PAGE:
Caregivers can find ways to set constructive goals or create self-care routines. Goal setting among caregivers has led to higher levels of wellbeing and lower levels of caregiver strain even if they do not complete all their goals (Journal of Gerontological Nursing, 2019).

  • Set specific, time bound goals for self-care. Caregivers can set and check in on their goals with a friend or another caregiver to provide accountability and prioritize creating self-care routines. 
  • Create space to relax. Caregivers may be living with their loved ones or they may be caregiving remotely. Creating a relaxing place physically or through visualization can allow caregivers to relax and find calm.

Identifying and Communicating Needs

two women talking

Caregiving alone can be challenging.  Caregiver expectations should reflect the limits they have. It may be initially difficult to acknowledge limitations; however, caregivers must be able to lean on their care support network for help when necessary as an act of self-care.

  • Identify needs and help resources. Identify specific areas where help is needed and who to ask for help in areas such as ADLs and IADLs or legal and financial advice.
  • Seek help and delegate care tasks. Respite care can be scheduled to offer a temporary break in caregiver duties for a few hours, a few days, or several weeks at a time at a health care facility, adult day services, or community meal or food programsLong-term care options including in-home care and assisted living facilities can also serve as useful resources. Telling your doctor that you are a caregiver can also help you receive specialized advice about what to expect in the future, support groups, and more effective health referrals for issues that the caregiver may be experiencing (NIA, 2021).

It is important to recognize the challenge of valuing and practicing self-care when caregiving. Practicing and prioritizing self-care can help to ensure that caregivers are taking time necessary to check in with themselves on their own wellness to provide quality care.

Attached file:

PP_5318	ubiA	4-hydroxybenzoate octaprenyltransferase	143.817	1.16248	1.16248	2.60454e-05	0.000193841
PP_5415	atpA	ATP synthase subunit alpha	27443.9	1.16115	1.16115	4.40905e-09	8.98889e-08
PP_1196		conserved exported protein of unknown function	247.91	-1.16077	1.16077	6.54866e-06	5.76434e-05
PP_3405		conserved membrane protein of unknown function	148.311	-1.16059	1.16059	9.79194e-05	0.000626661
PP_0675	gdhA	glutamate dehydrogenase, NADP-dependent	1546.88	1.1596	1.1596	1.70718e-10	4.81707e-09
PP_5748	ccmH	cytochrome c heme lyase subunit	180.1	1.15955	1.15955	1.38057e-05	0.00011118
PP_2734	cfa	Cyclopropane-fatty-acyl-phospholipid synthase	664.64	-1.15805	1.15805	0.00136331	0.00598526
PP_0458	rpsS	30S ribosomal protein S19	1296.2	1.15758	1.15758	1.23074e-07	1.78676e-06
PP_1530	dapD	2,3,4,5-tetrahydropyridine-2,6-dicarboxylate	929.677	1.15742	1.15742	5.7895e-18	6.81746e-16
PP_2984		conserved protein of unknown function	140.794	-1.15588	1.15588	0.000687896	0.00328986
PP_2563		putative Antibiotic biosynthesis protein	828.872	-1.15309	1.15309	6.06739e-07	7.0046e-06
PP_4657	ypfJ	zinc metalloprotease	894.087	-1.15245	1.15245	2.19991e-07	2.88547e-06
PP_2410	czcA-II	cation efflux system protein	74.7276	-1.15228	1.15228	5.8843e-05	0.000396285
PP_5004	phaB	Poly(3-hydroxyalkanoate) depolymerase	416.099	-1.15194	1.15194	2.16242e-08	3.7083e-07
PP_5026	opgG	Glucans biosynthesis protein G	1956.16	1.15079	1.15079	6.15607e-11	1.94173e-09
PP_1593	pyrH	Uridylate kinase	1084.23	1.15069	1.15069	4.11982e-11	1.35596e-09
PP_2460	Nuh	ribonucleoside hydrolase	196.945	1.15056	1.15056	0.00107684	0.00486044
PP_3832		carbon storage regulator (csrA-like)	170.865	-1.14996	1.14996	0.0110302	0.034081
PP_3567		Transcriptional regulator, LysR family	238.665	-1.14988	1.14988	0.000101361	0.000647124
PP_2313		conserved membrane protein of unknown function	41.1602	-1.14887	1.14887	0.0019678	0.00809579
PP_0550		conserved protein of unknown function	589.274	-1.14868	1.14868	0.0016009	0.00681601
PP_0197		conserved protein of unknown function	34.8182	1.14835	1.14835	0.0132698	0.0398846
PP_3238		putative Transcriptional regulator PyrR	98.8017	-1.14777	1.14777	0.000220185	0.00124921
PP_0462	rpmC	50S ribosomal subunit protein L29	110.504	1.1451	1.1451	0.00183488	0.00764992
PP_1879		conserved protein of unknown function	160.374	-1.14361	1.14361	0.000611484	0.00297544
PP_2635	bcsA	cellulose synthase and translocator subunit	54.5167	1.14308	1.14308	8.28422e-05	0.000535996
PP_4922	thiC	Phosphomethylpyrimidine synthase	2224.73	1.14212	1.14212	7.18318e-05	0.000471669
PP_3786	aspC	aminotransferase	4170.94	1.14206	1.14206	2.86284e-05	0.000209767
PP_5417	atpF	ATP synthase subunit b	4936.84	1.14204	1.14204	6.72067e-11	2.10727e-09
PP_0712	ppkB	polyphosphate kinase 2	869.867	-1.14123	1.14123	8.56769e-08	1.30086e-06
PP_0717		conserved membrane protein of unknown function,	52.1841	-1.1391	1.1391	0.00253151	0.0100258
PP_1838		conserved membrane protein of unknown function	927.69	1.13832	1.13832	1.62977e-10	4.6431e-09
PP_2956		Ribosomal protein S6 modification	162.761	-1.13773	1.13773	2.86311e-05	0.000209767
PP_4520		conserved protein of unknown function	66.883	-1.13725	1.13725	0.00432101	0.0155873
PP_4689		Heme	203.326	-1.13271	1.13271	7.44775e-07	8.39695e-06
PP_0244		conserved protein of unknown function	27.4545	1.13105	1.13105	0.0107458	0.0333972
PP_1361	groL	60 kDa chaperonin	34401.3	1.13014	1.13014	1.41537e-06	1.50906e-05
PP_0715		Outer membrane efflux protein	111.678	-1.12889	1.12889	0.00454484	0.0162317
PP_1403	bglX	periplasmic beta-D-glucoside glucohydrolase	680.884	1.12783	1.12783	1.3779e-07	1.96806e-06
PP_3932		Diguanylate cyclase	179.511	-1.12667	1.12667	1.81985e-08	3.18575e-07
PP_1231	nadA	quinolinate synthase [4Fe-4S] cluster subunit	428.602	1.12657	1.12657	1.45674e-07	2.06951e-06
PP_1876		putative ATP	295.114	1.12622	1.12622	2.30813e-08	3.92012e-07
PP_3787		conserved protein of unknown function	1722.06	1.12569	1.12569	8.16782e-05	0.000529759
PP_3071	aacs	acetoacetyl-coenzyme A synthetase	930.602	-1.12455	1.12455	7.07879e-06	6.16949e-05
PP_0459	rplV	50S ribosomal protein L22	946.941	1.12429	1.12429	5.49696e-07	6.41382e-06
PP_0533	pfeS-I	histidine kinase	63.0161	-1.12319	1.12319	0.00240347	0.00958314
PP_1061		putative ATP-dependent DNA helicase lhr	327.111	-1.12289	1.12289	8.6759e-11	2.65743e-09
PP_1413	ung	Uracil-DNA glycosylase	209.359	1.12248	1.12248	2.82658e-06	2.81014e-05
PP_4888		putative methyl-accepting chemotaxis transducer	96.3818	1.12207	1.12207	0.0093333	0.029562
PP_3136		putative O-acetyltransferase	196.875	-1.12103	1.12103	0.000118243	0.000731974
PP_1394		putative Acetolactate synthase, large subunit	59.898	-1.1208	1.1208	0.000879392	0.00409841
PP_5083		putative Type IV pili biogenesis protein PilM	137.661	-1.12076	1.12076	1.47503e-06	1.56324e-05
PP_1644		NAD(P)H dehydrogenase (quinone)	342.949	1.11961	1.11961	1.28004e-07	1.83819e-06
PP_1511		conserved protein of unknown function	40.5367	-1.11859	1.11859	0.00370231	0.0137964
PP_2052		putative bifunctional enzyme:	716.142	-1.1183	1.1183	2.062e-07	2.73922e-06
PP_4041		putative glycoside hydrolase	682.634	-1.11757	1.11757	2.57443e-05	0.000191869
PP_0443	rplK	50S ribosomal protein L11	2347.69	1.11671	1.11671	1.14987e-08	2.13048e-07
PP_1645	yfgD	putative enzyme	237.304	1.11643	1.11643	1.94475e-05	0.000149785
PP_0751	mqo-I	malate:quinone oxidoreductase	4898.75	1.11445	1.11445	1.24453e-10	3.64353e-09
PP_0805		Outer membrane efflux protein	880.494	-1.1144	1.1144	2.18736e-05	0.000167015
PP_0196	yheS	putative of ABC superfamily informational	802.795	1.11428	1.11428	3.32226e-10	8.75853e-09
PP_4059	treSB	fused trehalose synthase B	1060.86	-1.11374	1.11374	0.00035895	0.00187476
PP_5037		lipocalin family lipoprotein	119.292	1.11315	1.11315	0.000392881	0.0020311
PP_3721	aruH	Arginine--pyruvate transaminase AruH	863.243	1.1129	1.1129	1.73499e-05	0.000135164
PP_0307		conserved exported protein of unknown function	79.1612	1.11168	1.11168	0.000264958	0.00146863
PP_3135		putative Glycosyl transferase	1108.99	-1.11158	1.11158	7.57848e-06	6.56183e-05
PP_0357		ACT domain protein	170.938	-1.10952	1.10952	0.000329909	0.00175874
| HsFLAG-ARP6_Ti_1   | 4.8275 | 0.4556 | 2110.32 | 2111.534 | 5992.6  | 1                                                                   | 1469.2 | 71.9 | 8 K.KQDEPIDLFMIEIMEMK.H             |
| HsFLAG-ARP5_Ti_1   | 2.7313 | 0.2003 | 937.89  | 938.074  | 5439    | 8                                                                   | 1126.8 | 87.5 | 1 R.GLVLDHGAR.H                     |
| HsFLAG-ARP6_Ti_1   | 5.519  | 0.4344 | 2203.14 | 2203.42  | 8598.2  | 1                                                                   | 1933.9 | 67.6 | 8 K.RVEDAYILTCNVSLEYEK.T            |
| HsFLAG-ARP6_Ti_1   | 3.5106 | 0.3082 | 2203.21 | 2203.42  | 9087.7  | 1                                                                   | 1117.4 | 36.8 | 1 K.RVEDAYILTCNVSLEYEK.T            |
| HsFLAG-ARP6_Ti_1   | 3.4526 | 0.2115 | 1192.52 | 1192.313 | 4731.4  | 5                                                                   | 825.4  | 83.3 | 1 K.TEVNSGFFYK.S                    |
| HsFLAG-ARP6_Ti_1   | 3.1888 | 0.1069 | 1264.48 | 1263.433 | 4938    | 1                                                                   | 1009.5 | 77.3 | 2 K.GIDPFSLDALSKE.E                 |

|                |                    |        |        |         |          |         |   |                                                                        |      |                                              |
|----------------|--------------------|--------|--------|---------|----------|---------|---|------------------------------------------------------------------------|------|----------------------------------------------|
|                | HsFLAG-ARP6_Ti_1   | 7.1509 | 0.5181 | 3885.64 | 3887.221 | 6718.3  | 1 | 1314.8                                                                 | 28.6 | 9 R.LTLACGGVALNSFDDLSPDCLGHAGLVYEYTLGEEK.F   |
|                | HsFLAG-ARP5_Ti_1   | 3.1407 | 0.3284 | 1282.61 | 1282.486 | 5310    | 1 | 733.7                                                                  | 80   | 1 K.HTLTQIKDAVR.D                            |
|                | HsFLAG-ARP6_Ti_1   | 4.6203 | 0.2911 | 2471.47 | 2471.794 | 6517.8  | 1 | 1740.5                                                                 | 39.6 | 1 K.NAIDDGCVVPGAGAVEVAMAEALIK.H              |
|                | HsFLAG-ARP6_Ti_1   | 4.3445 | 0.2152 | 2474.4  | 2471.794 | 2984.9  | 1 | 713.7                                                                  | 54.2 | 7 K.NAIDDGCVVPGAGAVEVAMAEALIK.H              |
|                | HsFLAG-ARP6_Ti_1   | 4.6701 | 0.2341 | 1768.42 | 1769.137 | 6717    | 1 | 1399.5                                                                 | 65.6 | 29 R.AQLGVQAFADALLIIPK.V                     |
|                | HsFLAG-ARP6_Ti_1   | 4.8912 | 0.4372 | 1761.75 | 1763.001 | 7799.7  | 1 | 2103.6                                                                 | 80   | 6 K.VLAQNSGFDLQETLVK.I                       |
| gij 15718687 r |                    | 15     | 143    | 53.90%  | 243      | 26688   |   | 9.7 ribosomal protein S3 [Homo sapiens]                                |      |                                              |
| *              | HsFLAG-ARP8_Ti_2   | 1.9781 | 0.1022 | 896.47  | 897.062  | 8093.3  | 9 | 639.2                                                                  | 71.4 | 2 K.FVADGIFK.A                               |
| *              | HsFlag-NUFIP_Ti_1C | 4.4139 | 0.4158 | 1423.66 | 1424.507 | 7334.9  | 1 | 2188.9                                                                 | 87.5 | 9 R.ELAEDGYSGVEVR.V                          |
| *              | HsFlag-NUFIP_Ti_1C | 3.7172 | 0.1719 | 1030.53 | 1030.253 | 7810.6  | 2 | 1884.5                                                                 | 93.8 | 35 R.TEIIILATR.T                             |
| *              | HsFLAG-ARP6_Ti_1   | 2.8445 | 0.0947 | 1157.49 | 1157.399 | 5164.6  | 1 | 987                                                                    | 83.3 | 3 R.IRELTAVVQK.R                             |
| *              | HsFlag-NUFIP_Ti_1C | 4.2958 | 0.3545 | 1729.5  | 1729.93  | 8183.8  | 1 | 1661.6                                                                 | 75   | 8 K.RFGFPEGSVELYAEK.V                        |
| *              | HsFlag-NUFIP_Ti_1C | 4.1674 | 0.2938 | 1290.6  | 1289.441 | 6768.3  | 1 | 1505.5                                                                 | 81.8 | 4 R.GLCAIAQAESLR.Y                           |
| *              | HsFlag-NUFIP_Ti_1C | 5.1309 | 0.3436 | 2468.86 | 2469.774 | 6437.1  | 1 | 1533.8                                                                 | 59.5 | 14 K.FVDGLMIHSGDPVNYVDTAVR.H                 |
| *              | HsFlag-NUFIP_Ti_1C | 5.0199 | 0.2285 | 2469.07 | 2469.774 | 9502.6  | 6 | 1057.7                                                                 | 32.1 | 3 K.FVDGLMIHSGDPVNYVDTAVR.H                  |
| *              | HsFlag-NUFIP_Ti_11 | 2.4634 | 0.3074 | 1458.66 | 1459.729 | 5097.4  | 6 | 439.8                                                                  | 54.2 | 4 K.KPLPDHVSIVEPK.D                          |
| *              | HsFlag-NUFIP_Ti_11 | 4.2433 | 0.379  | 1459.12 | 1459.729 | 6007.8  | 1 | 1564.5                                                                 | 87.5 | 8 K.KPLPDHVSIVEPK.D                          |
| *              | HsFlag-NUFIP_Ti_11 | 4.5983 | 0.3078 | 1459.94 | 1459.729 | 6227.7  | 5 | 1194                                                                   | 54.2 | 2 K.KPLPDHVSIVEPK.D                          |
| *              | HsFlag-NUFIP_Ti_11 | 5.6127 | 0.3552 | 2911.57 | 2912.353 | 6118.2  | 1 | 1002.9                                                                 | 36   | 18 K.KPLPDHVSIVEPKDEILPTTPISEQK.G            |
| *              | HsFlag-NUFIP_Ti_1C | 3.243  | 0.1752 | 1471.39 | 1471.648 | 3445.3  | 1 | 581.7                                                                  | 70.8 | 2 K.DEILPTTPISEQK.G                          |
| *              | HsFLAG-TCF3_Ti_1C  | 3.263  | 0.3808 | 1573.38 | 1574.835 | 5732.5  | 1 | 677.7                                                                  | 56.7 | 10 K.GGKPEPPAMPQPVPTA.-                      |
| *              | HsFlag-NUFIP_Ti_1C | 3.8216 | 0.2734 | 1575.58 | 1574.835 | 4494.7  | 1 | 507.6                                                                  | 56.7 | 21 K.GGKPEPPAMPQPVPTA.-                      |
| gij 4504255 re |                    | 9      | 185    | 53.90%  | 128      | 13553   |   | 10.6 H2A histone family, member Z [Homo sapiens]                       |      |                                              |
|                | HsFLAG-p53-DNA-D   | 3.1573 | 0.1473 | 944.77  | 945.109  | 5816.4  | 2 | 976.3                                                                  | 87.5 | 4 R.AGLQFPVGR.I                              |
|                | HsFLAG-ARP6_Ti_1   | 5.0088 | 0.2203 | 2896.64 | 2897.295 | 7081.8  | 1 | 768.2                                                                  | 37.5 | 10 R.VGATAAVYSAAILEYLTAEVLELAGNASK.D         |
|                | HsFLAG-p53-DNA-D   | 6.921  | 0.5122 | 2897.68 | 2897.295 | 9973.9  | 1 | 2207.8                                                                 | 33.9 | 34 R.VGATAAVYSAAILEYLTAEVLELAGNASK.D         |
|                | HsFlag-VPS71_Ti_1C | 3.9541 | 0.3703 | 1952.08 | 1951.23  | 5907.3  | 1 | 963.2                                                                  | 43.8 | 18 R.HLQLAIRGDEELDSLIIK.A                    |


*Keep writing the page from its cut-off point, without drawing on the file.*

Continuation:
This fact sheet is for informational purposes and not a substitute for mental health advice.


AARP and National Alliance for Caregiving. (2020). Caregiving in the U.S. 2020. AARP.

Journal of Gerontological Nursing Strauss, S., Kitt-Lewis, E. A., & Amory, M. (2019). “I don’t feel like I have any control of my life at all . . . everything overwhelms me. everything”: Analyzing caregiver uncertainty and control through stance marking. Retrieved from 

National Institute on Aging. (2021). Retrieved from

National Institute of Health Mahindru, A., Patil, P., & Agrawal, V. (2023). Role of physical activity on mental health and well-being: A Review. Cureus.,and%20improved%20quality%20of%20life. 

National Institute of Health Coventry, P. A., Brown, J. E., Pervin, J., Brabyn, S., Pateman, R., Breedvelt, J., … White, P. L. (2021). Nature-based outdoor activities for mental and Physical Health: Systematic Review and meta-analysis. Retrieved from 
National Institute of Mental Health. (2024). Caring for your mental health.  Retrieved from,can%20have%20a%20big%20impact.

National Institute of Mental Health (NIMH). (2024). Caring for your mental health. Retrieved from